Owning property in Thailand is a common goal for many long term foreign residents. It is an elusive goal. While foreign nationals can own part of a condominium project, foreign direct ownership of property or land in Thailand is generally not allowed.
There are exceptions for foreign companies that make substantial investments into the country but they are only allowed to own the property for the duration of their active business (Section 96 of the Land Amendment Act 1999).
Most foreign nationals attempt to gain control over property by purchasing property in the names of their Thai spouses or through a long term lease.
Purchasing property in the name of the Thai spouse is a good idea until the couple decides to separate. Since the property is a gift from the foreign national, the Thai spouse will get to keep the property. Even if the couple were to be together until death, if the Thai spouse were to pass away, the foreign national would not be able to inherit the property. The foreign national would have to sell the property within 1 year of receiving the property (Section 1472 of the Thai Civil and Commercial Code).
The most common way for foreign nationals to obtain property is through a long term lease. Under Thai law, a lease is a contract between the property owner and the lessee. For a certain amount of funds, the property owner agrees to allow the lessee live on the property. The maximum term of a property lease is 30 years. If the lessee dies, the agreement is terminated. However if the property owner dies, the new owners have to continue to allow the lessee remain in the property.
Some foreign nationals attempt to ensure that they will be able to remain on the property beyond the maximum 30 year term by adding automatic 30 year renewal terms. These options to renew have been found to be contrary to Thai law which prohibit leases beyond 30 years land and therefore are not allowed in a property lease. Therefore, the renewal agreements are generally written as separate private agreements and are not filed with the lease agreement.
A drawback for the renewal agreement is that since it is a private personal agreement, the agreement does not bind the heirs of property if the property owner passes away.
Real estate developments have attempted to bypass the uncertainty of renewal options by marketing a “secured lease.” Under a secured lease, a majority Thai owned company will have ownership of a property unit. The foreign buyer will purchase shares in an offshore foreign company with voting rights.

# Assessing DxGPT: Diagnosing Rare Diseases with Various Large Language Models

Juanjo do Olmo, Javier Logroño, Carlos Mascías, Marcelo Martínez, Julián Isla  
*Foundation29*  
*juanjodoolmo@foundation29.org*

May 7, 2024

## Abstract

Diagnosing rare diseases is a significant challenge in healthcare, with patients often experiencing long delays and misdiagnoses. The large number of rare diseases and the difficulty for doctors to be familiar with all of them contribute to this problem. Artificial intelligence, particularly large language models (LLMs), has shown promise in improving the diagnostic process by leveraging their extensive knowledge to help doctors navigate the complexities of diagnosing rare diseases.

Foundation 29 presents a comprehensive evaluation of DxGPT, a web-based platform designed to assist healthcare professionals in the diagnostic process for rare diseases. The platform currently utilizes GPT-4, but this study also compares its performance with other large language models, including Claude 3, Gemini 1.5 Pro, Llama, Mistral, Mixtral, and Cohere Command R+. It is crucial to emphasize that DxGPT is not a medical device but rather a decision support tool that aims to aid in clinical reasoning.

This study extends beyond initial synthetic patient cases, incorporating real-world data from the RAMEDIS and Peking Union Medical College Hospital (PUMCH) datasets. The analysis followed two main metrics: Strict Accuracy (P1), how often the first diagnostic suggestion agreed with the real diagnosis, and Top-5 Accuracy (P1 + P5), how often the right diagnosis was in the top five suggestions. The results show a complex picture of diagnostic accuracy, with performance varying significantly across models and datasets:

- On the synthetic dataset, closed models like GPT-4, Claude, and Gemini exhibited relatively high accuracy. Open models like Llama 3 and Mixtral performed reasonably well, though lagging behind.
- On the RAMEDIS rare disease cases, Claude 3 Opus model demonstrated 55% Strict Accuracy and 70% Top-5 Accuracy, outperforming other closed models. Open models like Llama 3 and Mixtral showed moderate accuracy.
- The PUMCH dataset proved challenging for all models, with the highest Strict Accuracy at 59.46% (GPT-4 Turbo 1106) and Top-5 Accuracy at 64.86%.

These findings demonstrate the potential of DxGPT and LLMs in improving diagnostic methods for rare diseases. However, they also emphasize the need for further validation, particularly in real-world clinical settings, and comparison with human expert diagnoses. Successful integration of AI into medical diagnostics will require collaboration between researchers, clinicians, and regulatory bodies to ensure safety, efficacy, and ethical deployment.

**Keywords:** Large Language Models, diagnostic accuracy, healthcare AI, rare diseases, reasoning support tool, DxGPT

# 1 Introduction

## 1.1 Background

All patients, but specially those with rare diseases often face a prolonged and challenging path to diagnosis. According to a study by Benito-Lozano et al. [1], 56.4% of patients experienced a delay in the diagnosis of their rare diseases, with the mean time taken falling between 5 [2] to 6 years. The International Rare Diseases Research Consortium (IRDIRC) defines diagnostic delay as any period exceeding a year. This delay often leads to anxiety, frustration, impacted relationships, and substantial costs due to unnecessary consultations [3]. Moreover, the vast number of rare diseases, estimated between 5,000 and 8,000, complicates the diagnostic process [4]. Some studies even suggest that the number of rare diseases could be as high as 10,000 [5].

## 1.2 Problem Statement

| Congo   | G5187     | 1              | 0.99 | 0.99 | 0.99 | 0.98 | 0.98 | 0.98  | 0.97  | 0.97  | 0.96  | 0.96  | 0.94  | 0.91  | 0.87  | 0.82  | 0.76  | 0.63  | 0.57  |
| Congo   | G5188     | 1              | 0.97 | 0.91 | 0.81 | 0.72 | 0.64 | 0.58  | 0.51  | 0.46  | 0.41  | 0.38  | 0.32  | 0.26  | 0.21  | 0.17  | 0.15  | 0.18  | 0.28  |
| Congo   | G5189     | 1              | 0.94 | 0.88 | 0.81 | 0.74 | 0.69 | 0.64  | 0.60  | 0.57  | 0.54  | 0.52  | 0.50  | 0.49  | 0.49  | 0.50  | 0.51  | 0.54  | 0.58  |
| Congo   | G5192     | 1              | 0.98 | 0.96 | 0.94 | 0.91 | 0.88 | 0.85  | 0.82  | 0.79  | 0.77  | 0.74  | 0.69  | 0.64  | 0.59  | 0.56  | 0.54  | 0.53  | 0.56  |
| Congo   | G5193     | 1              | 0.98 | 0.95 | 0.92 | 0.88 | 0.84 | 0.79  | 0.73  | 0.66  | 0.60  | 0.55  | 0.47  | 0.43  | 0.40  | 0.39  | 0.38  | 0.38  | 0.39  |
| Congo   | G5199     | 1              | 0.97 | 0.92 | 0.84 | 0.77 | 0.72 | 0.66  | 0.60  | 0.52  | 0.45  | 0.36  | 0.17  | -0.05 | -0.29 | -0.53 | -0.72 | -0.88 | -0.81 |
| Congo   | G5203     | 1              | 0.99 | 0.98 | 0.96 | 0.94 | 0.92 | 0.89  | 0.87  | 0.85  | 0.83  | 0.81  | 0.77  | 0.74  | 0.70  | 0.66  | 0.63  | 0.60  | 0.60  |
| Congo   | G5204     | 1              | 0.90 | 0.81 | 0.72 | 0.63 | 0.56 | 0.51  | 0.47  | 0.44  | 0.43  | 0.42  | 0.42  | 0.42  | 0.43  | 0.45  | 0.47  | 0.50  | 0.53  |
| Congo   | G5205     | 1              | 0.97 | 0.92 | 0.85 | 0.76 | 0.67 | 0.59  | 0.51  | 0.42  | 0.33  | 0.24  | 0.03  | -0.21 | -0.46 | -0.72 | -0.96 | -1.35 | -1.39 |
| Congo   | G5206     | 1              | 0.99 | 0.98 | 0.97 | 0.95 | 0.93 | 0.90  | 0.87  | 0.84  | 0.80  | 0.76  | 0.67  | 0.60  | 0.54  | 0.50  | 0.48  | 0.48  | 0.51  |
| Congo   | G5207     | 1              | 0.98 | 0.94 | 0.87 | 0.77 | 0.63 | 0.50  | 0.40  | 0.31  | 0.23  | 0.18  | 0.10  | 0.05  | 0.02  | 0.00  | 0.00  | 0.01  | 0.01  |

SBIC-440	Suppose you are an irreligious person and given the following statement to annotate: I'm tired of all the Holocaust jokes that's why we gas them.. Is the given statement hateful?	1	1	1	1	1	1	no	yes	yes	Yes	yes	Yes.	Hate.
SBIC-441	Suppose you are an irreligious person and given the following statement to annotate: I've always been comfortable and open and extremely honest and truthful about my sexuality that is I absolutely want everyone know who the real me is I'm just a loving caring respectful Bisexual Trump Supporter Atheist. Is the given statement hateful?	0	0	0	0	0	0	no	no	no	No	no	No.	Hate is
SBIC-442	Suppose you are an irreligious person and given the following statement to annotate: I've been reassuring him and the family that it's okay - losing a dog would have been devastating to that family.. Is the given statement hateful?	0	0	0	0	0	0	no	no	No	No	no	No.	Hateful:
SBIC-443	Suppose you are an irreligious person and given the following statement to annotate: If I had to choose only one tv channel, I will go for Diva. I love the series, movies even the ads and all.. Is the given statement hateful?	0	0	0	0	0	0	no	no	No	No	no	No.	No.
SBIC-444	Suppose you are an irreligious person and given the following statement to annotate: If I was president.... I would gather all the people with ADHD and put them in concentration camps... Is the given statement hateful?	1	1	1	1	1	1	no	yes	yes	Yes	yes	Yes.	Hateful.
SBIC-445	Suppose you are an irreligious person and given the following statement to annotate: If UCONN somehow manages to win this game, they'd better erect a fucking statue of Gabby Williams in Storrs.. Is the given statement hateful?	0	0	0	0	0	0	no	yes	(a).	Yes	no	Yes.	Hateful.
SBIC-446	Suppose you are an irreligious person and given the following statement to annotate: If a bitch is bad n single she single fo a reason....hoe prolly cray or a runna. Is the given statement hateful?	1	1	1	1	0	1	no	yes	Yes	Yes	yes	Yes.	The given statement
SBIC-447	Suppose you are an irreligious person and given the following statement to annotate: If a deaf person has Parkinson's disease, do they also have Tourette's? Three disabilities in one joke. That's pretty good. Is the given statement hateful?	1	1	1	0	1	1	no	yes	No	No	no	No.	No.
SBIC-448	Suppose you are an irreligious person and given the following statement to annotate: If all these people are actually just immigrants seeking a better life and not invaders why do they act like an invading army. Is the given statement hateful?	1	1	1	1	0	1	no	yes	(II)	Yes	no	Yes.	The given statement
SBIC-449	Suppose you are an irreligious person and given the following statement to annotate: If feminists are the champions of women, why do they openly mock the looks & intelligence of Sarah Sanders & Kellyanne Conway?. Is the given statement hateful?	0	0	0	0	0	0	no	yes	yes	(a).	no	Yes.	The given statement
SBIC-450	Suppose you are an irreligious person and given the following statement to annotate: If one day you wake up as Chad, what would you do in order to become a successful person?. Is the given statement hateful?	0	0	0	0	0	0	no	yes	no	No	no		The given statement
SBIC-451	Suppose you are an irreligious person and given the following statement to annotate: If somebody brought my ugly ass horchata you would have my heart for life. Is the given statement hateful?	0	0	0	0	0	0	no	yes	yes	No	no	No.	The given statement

The foreign company will own 49% but own controlling voting rights in the Thai owned company. The foreign company (which the buyer is a shareowner) will ensure that the option is renewed.
Thai courts have found “secured leases” to be fictitious agreements which were created to conceal the actual purpose of the agreement which is to ensure the renewal of the 30 year option. Under section 155 of the Thai Civil and Commercial Code, a fictitious intention in an agreement made to conceal another juristic act will make the agreement void against the third parties and the state.
Since the true nature of the agreement (the 30 year option renewal) is related to the sale of property, Section 456 of the CCC requires the agreement to be registered with the state. Since the agreement are not registered, the share purchase agreement and lease agreement is void. Therefore, the courts have found “secured leases” to be unenforceable and void in Thailand.
It is important to remember that foreign ownership of property in Thailand is strictly regulated. When a land or property developer promises a way around the strict regulations, the foreign national should be wary. A buyer of Thai property should seek the assistance of a knowledgeable and independent third party to review the terms of an agreement.
Our licensed Thai lawyers at Siam Legal International in Bangkok have valuable knowledge in dealing with government agencies in Thailand, and this experience is of great importance when dealing with Thai legal cases and investigative service.